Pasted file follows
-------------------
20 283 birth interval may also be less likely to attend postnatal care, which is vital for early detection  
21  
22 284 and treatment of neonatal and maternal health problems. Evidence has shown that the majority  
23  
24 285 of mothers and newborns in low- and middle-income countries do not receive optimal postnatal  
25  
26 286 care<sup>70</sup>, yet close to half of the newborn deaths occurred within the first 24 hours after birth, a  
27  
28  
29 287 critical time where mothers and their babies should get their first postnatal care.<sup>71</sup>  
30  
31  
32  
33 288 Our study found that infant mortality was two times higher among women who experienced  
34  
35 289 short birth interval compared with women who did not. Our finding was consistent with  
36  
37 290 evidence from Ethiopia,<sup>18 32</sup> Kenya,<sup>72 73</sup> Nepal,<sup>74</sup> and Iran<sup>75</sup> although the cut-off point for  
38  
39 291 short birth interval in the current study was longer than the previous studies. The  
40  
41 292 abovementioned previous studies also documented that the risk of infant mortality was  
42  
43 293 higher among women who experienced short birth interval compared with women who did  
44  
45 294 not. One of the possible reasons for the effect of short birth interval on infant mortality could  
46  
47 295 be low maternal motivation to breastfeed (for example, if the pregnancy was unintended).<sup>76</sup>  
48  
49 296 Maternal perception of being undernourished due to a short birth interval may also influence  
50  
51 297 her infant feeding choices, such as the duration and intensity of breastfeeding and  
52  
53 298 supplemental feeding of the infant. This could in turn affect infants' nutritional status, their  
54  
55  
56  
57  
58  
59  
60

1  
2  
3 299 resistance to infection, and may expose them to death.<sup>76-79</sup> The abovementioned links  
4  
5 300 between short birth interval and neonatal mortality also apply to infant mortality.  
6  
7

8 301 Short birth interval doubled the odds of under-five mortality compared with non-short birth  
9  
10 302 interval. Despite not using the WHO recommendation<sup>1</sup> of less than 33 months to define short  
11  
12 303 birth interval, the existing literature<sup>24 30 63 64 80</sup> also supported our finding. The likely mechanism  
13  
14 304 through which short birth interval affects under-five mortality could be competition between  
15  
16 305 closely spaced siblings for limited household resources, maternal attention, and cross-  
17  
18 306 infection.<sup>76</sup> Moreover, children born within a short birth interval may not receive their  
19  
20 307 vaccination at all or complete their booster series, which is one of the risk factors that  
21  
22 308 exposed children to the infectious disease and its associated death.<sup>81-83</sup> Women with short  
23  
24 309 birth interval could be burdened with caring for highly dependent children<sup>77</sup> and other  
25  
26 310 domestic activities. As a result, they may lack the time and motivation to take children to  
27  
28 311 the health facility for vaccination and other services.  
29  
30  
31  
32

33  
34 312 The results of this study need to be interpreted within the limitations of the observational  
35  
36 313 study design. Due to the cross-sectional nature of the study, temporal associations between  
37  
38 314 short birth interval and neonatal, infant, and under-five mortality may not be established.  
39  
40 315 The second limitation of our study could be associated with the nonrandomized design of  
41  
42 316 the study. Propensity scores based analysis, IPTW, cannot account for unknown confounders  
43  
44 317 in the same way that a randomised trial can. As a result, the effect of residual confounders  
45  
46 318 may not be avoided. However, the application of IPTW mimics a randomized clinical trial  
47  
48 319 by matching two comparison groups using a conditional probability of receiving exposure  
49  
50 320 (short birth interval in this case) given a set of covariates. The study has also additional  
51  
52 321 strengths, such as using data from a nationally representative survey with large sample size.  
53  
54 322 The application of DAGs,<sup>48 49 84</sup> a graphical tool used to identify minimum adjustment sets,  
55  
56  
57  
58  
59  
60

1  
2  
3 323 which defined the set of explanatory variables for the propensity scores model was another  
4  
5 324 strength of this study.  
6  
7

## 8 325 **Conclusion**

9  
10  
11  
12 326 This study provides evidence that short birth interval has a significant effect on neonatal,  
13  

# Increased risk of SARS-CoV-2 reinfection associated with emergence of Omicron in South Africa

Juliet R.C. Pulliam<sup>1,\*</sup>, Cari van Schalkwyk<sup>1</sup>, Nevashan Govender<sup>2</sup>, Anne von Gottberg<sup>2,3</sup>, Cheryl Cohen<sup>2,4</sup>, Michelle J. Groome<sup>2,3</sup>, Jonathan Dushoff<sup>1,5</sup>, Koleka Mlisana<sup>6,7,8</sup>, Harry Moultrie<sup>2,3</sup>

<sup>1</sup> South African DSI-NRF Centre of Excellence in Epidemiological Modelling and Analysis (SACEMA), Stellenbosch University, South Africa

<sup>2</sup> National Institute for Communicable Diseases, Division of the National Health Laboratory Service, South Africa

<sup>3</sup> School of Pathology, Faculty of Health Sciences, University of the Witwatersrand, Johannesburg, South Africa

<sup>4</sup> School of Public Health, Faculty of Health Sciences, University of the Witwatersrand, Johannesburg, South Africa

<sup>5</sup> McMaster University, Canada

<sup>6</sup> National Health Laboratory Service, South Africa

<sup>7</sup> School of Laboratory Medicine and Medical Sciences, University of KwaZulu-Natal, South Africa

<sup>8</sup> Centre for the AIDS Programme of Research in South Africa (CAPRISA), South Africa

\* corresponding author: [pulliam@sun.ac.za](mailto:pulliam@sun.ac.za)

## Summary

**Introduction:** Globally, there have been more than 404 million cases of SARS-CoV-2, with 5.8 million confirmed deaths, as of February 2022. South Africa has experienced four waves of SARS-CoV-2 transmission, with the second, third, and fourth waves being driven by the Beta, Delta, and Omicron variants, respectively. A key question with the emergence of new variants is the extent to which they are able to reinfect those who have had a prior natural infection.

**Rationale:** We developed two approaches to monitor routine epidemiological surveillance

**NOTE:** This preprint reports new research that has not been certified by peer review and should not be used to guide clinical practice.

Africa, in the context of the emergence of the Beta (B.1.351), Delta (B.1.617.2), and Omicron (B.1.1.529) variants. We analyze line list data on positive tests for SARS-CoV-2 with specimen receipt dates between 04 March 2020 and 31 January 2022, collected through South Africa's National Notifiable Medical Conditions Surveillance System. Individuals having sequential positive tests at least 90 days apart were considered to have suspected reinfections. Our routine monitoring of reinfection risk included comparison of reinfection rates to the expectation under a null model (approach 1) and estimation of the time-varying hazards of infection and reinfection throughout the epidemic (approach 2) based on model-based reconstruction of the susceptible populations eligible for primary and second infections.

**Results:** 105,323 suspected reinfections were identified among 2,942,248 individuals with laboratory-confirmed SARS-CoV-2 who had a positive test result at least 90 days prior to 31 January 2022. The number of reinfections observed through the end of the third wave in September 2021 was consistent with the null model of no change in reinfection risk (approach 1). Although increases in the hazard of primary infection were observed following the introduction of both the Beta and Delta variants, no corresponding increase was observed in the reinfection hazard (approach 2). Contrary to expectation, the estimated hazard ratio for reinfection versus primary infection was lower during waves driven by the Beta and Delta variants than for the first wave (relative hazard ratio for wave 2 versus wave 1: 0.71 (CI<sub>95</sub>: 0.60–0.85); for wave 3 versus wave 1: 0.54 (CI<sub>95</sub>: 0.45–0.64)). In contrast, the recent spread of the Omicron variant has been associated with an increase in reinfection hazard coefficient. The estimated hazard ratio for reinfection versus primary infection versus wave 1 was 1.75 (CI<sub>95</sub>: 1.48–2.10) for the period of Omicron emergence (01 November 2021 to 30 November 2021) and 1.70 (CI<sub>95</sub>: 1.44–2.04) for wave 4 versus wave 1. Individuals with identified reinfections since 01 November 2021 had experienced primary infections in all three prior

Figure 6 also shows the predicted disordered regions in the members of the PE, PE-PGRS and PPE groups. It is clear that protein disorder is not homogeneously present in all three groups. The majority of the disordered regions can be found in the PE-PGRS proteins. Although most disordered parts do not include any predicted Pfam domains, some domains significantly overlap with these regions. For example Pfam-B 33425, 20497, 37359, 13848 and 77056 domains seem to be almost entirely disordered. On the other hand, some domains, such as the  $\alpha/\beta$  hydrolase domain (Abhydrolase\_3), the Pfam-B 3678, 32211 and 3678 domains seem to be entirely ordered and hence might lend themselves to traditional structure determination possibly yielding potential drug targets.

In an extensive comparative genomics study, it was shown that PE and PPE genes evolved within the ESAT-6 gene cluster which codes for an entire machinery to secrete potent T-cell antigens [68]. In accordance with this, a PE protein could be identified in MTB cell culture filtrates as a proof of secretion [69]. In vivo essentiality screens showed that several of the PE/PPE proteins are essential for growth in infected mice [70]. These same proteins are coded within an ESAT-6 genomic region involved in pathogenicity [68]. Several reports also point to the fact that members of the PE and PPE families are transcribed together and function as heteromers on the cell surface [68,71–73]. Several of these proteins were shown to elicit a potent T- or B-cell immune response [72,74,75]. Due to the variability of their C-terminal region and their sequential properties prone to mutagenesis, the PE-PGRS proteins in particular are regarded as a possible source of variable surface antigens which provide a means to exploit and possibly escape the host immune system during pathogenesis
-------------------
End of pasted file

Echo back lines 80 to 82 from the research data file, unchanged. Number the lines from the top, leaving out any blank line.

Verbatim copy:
39  
40 315 The second limitation of our study could be associated with the nonrandomized design of  
41  